Skill or chance?

by Peter J. Teagle - Posted on Apr 10, 2019 - 02:15 PM

Photo: Queen of Virginia machines, resembling slot machines and offering cash payouts for winners, have been popping up at locations across the area, including these machines at Hyco Market in Mathews. Photo by Peter J. Teagle

Queen of Virginia machines, resembling slot machines and offering cash payouts for winners, have been popping up at locations across the area, including these machines at Hyco Market in Mathews. Photo by Peter J. Teagle

 If you’ve entered a bar, restaurant or convenience store over the past few months, you may have seen one of the bright blue cases of a Queen of Virginia machine.

The terminals may resemble something out of a casino but their game mechanics are, presently in the eyes of the law, not considered gambling. And these machines have been finding their way into increasingly more locations in Gloucester and Mathews counties, as well as the rest of the commonwealth.

The machines are the product of Queen of Virginia Skill and Entertainment and feature games by Pace-O-Matic, a Georgia company that designs amusement software. Though the games differ slightly, the general premise is that players make a “consideration” (bet) and receive a screen with rows of images that differ based on the theme of each game. The machines have two big buttons—“Play” and “Ticket”—that let the player either spin or cash out.

One such Pace-O-Matic game, Cocktail Cove, presents players with three digital reels that spin after a bet is placed. It is then up to the player to create a row of three matching symbols before time runs out by selecting one symbol to make “wild.” A wild symbol is akin to the free space at the center of a bingo card and it is aspects like this that the company points to as the differentiating factor between their games and a slot machine.

“Players can affect the outcome of the game every time they play,” said Kevin Anderson, a compliance officer with QVS and former agent with the state department of Alcohol Beverage Control. Anderson and the rest of the compliance team inspect their company’s equipment and monitor for breaches of self-imposed policy.

For example, Anderson said, QVS does not allow their machines to appear next to illegal equipment such as slots or virtual poker that business owners may already have in place and do not let advertisements by businesses with the machines to use terms like “gambling” or “slot machine.”

To be considered illegal gambling in Virginia, Anderson said, an activity must have three elements—a consideration, an event where chance is the predominant factor, and a prize. If a game lacks one of these three items, it is not considered illegal gambling.

Players having the option to see the next puzzle before playing it, break even on every puzzle through user input, have an effect on the outcome of each game, and do so inside a predetermined time limit was enough for the ABC to rule in 2017 that these machines were games of skill. So, while players are still making a bet with the hopes of winning a prize or jackpot, the state has deemed the input of the player to have enough effect on outcomes for Queen machines to be labeled “games of skill.”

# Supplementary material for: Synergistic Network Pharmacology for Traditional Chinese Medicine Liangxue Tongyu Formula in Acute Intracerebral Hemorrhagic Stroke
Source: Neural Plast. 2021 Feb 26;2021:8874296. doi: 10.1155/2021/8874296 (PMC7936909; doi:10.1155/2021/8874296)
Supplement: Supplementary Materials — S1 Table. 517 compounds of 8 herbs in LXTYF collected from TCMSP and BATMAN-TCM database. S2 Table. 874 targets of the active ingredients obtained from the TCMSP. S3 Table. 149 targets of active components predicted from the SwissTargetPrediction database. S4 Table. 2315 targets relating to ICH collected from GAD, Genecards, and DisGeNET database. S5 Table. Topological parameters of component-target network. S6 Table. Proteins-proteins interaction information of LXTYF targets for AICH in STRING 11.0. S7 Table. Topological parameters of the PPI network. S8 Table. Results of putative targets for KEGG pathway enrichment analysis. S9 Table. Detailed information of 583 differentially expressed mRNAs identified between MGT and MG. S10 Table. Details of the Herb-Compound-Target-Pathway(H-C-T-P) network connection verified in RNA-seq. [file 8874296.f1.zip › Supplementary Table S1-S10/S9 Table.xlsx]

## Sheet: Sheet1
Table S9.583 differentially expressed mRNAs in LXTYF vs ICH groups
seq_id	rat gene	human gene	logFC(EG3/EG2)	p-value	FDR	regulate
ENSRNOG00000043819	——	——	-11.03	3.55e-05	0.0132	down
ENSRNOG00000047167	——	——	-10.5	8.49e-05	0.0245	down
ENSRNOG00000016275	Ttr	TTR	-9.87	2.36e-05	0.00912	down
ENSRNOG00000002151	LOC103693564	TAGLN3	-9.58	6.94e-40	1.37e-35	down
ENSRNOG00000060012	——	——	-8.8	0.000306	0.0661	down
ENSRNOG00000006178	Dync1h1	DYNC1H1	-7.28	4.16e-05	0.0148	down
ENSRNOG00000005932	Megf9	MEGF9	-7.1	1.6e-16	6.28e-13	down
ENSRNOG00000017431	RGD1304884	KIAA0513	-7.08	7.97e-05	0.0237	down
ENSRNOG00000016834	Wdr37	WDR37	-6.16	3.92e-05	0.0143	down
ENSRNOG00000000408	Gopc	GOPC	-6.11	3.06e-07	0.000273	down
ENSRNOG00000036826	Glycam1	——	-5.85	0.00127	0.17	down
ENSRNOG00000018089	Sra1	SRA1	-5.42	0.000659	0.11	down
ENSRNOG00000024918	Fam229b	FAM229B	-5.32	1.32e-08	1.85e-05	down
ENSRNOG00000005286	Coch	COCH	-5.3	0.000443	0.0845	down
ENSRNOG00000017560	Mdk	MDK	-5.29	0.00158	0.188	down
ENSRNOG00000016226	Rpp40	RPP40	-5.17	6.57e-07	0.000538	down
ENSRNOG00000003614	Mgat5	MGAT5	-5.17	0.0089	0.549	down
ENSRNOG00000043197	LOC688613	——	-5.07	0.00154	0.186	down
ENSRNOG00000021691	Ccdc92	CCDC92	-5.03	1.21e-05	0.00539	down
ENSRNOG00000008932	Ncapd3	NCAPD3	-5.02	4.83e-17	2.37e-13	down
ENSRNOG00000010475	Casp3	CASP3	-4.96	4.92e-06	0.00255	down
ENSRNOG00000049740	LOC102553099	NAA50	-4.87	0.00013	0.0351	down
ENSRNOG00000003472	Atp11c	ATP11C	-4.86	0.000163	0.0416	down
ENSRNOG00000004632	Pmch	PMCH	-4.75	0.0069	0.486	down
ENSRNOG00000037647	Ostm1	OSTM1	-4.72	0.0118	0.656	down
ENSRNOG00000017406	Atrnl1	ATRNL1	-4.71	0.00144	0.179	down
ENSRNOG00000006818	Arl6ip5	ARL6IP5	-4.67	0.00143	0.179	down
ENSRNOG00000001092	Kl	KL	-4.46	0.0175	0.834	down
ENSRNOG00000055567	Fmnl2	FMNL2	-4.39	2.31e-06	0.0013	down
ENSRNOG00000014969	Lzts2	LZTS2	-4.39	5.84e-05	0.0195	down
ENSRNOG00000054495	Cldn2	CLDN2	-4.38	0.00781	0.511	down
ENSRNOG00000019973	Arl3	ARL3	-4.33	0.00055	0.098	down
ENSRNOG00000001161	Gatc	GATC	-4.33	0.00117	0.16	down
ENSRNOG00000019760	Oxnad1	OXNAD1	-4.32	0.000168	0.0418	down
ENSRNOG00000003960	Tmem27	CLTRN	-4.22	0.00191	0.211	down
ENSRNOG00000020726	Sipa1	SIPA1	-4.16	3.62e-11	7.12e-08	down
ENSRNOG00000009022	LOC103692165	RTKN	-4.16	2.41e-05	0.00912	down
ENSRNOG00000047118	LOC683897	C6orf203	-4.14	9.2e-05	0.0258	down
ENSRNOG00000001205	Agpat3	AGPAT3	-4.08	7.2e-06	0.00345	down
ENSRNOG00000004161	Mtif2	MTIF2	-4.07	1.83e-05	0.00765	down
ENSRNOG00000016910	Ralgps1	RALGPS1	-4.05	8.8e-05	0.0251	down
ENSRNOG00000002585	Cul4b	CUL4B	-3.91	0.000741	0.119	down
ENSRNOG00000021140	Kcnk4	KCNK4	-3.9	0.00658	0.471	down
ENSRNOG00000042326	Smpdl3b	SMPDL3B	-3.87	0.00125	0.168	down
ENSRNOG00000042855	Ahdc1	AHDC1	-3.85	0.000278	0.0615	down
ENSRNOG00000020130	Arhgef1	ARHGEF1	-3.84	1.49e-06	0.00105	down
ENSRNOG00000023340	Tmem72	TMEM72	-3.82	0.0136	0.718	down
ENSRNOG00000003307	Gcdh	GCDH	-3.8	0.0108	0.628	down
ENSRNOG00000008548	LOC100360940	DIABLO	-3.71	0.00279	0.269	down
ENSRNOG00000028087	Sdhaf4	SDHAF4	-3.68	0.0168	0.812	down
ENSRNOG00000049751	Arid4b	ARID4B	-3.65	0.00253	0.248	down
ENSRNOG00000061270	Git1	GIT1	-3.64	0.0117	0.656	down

Despite the increased scrutiny the machines have incurred in the last two years, restaurant owners often see them as a way to remain competitive in the hospitality market. Juan Carrillo, owner of Juan’s Mexican Café and Cantina, said he put Queen machines in his business to remain competitive with breweries.

In Virginia, “mixed beverage businesses” are required to have at least 45 percent of total gross sales come from food and non-alcoholic beverages, something breweries that serve only beer or cider are not bound to do, Carrillo said.

“What I like about them is that they bring people back in the door,” Carrillo said of the machines. The restaurateur was of the opinion that, since a restaurant with a bar has to play by different rules than a brewery, Queen machines help his businesses compete with the “brewery experience” by offering something different. “They’re definitely a plus,” he concluded.

QVS has attempted to mitigate the image of the product through charitable campaigns that are similar to those employed by the Virginia Lottery, sharing a portion of proceeds with the communities in which they operate. In recent years the company has donated upwards of $200,000 to state nonprofits, including $60,000 to the Virginia Health Care Foundation.

“We have a particular focus on free clinics and have provided a grant to more than 20, including the Gloucester-Mathews Care Clinic” said Joel Rubin, President of Rubin Communications Group, which handles much of QVS’s public relations. As of April 1, QVS direct contributions to the Care Clinic totaled $1,000, with Rubin assuring “they will be getting more.”

While the ABC did write a letter in 2017 laying out its findings as it relates to the game of skill determination, the state government has left further regulation of the machines up to localities.

At the local level, there is currently nothing on the books related to these machines. “There are no ordinance modifications related to this activity being contemplated by the Gloucester County Board of Supervisors,” according to County Administrator Brent Fedors, who added that Sec. 13.5.4 of the county ordinance “prohibits games of chance in public parks and recreational facilities.”

However, with the ABC’s game of skill decision as it relates to Queen machines, this may be a moot point.